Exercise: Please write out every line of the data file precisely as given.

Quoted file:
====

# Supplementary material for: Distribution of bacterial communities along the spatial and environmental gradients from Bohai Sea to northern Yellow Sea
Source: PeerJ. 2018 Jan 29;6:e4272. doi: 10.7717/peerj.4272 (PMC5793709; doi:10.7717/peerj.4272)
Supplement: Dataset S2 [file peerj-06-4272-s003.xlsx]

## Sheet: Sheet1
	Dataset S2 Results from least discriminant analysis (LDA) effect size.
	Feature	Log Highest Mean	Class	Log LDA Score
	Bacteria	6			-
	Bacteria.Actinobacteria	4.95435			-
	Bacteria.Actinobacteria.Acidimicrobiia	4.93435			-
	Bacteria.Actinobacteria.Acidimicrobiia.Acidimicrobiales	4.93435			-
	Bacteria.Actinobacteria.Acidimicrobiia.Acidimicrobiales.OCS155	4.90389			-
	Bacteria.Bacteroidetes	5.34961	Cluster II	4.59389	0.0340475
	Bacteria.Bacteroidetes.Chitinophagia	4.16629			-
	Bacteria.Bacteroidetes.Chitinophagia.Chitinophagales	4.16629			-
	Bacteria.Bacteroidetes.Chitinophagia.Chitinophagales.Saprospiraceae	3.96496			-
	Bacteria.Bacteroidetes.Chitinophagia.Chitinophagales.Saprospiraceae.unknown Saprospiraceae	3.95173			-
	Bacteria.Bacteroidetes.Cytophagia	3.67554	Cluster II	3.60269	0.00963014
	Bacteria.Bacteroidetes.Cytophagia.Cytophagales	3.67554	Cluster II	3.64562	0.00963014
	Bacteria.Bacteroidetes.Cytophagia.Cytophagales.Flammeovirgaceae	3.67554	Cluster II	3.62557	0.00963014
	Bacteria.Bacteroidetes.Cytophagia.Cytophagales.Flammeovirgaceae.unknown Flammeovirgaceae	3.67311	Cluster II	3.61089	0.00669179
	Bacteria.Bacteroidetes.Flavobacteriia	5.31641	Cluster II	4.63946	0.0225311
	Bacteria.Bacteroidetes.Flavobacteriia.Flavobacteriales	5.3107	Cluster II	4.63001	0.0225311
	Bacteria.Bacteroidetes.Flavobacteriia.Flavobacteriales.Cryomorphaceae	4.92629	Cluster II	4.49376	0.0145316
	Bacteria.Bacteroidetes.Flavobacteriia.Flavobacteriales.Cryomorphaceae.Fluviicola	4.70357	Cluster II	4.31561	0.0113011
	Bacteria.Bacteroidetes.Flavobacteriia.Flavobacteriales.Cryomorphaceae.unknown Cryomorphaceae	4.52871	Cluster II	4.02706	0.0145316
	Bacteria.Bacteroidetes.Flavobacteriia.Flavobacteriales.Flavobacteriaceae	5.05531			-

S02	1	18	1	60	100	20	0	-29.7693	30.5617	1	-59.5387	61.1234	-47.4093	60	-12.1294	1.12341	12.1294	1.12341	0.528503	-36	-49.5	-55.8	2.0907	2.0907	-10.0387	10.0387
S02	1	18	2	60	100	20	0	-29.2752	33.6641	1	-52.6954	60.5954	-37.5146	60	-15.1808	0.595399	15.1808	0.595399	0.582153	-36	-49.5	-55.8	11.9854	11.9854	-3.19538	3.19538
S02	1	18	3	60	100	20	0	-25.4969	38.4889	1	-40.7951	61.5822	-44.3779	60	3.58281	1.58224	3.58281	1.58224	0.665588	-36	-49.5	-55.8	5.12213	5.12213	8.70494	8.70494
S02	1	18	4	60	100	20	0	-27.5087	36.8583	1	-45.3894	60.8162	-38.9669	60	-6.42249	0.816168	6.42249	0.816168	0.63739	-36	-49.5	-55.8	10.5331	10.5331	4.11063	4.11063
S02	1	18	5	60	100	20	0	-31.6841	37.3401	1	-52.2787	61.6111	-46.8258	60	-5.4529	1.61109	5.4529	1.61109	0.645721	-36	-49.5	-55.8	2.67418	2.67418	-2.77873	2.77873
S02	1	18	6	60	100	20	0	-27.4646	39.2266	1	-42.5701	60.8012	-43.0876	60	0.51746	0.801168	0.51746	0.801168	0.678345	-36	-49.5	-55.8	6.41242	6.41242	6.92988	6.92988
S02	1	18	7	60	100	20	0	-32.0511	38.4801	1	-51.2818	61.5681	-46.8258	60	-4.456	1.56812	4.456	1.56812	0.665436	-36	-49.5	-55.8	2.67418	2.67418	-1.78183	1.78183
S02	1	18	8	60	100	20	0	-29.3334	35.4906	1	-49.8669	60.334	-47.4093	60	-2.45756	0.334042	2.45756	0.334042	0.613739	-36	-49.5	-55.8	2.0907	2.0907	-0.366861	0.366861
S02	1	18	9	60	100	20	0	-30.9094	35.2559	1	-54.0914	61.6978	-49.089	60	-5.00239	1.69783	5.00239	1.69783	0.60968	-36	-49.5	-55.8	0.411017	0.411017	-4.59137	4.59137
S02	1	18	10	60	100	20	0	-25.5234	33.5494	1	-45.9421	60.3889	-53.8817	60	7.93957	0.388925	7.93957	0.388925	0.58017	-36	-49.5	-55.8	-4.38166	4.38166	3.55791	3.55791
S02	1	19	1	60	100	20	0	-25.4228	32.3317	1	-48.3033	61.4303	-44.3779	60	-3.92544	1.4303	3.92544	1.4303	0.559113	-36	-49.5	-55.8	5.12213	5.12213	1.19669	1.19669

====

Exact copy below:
# Supplementary material for: Distribution of bacterial communities along the spatial and environmental gradients from Bohai Sea to northern Yellow Sea
Source: PeerJ. 2018 Jan 29;6:e4272. doi: 10.7717/peerj.4272 (PMC5793709; doi:10.7717/peerj.4272)
Supplement: Dataset S2 [file peerj-06-4272-s003.xlsx]

## Sheet: Sheet1
	Dataset S2 Results from least discriminant analysis (LDA) effect size.
	Feature	Log Highest Mean	Class	Log LDA Score
	Bacteria	6			-
	Bacteria.Actinobacteria	4.95435			-
	Bacteria.Actinobacteria.Acidimicrobiia	4.93435			-
	Bacteria.Actinobacteria.Acidimicrobiia.Acidimicrobiales	4.93435			-
	Bacteria.Actinobacteria.Acidimicrobiia.Acidimicrobiales.OCS155	4.90389			-
	Bacteria.Bacteroidetes	5.34961	Cluster II	4.59389	0.0340475
	Bacteria.Bacteroidetes.Chitinophagia	4.16629			-
	Bacteria.Bacteroidetes.Chitinophagia.Chitinophagales	4.16629			-
	Bacteria.Bacteroidetes.Chitinophagia.Chitinophagales.Saprospiraceae	3.96496			-
	Bacteria.Bacteroidetes.Chitinophagia.Chitinophagales.Saprospiraceae.unknown Saprospiraceae	3.95173			-
	Bacteria.Bacteroidetes.Cytophagia	3.67554	Cluster II	3.60269	0.00963014
	Bacteria.Bacteroidetes.Cytophagia.Cytophagales	3.67554	Cluster II	3.64562	0.00963014
	Bacteria.Bacteroidetes.Cytophagia.Cytophagales.Flammeovirgaceae	3.67554	Cluster II	3.62557	0.00963014
	Bacteria.Bacteroidetes.Cytophagia.Cytophagales.Flammeovirgaceae.unknown Flammeovirgaceae	3.67311	Cluster II	3.61089	0.00669179
	Bacteria.Bacteroidetes.Flavobacteriia	5.31641	Cluster II	4.63946	0.0225311
	Bacteria.Bacteroidetes.Flavobacteriia.Flavobacteriales	5.3107	Cluster II	4.63001	0.0225311
	Bacteria.Bacteroidetes.Flavobacteriia.Flavobacteriales.Cryomorphaceae	4.92629	Cluster II	4.49376	0.0145316
	Bacteria.Bacteroidetes.Flavobacteriia.Flavobacteriales.Cryomorphaceae.Fluviicola	4.70357	Cluster II	4.31561	0.0113011
	Bacteria.Bacteroidetes.Flavobacteriia.Flavobacteriales.Cryomorphaceae.unknown Cryomorphaceae	4.52871	Cluster II	4.02706	0.0145316
	Bacteria.Bacteroidetes.Flavobacteriia.Flavobacteriales.Flavobacteriaceae	5.05531			-

S02	1	18	1	60	100	20	0	-29.7693	30.5617	1	-59.5387	61.1234	-47.4093	60	-12.1294	1.12341	12.1294	1.12341	0.528503	-36	-49.5	-55.8	2.0907	2.0907	-10.0387	10.0387
S02	1	18	2	60	100	20	0	-29.2752	33.6641	1	-52.6954	60.5954	-37.5146	60	-15.1808	0.595399	15.1808	0.595399	0.582153	-36	-49.5	-55.8	11.9854	11.9854	-3.19538	3.19538
S02	1	18	3	60	100	20	0	-25.4969	38.4889	1	-40.7951	61.5822	-44.3779	60	3.58281	1.58224	3.58281	1.58224	0.665588	-36	-49.5	-55.8	5.12213	5.12213	8.70494	8.70494
S02	1	18	4	60	100	20	0	-27.5087	36.8583	1	-45.3894	60.8162	-38.9669	60	-6.42249	0.816168	6.42249	0.816168	0.63739	-36	-49.5	-55.8	10.5331	10.5331	4.11063	4.11063
S02	1	18	5	60	100	20	0	-31.6841	37.3401	1	-52.2787	61.6111	-46.8258	60	-5.4529	1.61109	5.4529	1.61109	0.645721	-36	-49.5	-55.8	2.67418	2.67418	-2.77873	2.77873
S02	1	18	6	60	100	20	0	-27.4646	39.2266	1	-42.5701	60.8012	-43.0876	60	0.51746	0.801168	0.51746	0.801168	0.678345	-36	-49.5	-55.8	6.41242	6.41242	6.92988	6.92988
S02	1	18	7	60	100	20	0	-32.0511	38.4801	1	-51.2818	61.5681	-46.8258	60	-4.456	1.56812	4.456	1.56812	0.665436	-36	-49.5	-55.8	2.67418	2.67418	-1.78183	1.78183
S02	1	18	8	60	100	20	0	-29.3334	35.4906	1	-49.8669	60.334	-47.4093	60	-2.45756	0.334042	2.45756	0.334042	0.613739	-36	-49.5	-55.8	2.0907	2.0907	-0.366861	0.366861
S02	1	18	9	60	100	20	0	-30.9094	35.2559	1	-54.0914	61.6978	-49.089	60	-5.00239	1.69783	5.00239	1.69783	0.60968	-36	-49.5	-55.8	0.411017	0.411017	-4.59137	4.59137
S02	1	18	10	60	100	20	0	-25.5234	33.5494	1	-45.9421	60.3889	-53.8817	60	7.93957	0.388925	7.93957	0.388925	0.58017	-36	-49.5	-55.8	-4.38166	4.38166	3.55791	3.55791
S02	1	19	1	60	100	20	0	-25.4228	32.3317	1	-48.3033	61.4303	-44.3779	60	-3.92544	1.4303	3.92544	1.4303	0.559113	-36	-49.5	-55.8	5.12213	5.12213	1.19669	1.19669